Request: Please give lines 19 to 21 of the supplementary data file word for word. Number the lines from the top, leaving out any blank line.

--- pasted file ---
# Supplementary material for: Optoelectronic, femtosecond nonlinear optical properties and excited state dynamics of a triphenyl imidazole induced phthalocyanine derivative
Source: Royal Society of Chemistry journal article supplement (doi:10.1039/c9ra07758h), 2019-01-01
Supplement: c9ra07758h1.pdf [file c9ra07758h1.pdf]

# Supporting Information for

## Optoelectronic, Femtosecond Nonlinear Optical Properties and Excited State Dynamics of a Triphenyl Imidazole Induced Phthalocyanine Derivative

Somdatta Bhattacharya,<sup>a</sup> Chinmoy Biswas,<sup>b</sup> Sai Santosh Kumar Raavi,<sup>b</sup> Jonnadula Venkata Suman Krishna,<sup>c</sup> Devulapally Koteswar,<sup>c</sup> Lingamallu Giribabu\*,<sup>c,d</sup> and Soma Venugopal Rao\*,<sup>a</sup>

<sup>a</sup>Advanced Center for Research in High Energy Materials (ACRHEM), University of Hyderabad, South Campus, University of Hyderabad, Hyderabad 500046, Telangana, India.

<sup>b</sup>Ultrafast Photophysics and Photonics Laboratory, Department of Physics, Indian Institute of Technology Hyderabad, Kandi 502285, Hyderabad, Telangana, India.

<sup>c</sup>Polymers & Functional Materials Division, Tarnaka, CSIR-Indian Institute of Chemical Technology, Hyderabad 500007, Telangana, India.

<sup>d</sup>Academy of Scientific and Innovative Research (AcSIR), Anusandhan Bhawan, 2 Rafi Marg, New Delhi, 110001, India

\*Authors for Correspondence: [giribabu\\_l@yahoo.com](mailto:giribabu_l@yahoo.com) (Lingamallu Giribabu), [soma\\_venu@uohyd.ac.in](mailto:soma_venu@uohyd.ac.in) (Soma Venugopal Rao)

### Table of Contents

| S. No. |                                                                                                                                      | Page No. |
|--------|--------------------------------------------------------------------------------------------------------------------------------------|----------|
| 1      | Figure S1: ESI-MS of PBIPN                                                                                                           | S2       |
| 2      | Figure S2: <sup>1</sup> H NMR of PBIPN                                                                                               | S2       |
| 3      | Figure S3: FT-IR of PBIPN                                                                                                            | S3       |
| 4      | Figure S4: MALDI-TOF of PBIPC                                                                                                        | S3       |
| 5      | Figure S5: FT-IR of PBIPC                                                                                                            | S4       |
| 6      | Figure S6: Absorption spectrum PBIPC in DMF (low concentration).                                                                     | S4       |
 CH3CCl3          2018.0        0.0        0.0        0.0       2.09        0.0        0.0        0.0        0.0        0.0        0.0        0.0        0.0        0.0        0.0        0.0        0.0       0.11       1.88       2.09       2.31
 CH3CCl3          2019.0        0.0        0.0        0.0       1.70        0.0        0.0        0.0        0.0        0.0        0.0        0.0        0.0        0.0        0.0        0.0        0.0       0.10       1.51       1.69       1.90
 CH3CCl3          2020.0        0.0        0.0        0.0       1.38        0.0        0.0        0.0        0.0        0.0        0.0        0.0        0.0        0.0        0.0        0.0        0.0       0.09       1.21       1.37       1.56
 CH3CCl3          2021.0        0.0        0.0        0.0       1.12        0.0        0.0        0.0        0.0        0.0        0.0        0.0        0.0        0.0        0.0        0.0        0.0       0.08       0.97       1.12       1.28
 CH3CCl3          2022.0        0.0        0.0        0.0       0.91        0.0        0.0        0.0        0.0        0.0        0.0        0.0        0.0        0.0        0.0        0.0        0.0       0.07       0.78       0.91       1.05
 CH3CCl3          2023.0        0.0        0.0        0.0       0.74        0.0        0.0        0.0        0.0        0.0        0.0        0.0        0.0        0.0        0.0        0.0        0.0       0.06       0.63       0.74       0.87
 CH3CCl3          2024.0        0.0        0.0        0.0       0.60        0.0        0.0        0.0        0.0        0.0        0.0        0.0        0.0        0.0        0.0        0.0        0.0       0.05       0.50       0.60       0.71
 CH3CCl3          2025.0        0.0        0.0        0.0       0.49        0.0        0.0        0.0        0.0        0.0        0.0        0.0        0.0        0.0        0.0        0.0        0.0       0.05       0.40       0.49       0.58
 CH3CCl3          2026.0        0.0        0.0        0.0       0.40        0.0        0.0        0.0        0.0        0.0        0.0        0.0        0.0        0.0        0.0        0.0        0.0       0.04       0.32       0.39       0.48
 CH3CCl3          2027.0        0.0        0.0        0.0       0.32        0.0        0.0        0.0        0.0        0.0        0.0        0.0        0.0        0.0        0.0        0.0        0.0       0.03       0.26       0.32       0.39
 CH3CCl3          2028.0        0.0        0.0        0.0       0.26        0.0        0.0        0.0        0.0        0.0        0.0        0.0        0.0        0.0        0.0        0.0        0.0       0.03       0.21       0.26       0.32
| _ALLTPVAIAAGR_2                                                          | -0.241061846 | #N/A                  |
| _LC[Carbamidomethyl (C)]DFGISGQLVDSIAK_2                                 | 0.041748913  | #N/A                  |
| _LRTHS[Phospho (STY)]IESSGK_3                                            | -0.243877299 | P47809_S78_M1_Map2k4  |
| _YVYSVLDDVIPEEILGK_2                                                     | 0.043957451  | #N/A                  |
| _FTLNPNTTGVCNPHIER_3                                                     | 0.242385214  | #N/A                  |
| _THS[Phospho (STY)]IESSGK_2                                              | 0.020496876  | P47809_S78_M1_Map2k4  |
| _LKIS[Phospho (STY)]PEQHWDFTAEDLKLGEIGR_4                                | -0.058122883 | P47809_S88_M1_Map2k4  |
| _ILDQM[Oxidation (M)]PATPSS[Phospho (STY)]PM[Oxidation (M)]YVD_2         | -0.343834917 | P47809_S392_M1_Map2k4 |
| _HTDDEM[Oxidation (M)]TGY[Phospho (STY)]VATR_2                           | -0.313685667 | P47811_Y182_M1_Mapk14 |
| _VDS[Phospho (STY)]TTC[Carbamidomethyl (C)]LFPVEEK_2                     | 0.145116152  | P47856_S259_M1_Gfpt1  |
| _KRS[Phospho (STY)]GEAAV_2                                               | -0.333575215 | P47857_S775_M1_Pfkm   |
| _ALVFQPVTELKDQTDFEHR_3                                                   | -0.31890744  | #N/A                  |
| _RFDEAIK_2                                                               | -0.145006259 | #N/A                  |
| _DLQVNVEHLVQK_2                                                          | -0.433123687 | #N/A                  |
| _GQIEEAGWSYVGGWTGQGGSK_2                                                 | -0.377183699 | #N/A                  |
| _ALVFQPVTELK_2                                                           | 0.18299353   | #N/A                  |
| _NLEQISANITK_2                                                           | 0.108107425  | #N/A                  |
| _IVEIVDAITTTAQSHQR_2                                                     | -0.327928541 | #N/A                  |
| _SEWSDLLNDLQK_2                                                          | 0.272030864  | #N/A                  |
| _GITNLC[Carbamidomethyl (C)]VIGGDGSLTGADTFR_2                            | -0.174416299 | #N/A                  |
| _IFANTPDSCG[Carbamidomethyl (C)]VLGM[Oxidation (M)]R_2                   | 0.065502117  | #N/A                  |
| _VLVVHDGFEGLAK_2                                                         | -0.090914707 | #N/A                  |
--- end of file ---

| 5      | Figure S5: FT-IR of PBIPC                                                                                                            | S4       |
| 6      | Figure S6: Absorption spectrum PBIPC in DMF (low concentration).                                                                     | S4       |
 CH3CCl3          2018.0        0.0        0.0        0.0       2.09        0.0        0.0        0.0        0.0        0.0        0.0        0.0        0.0        0.0        0.0        0.0        0.0       0.11       1.88       2.09       2.31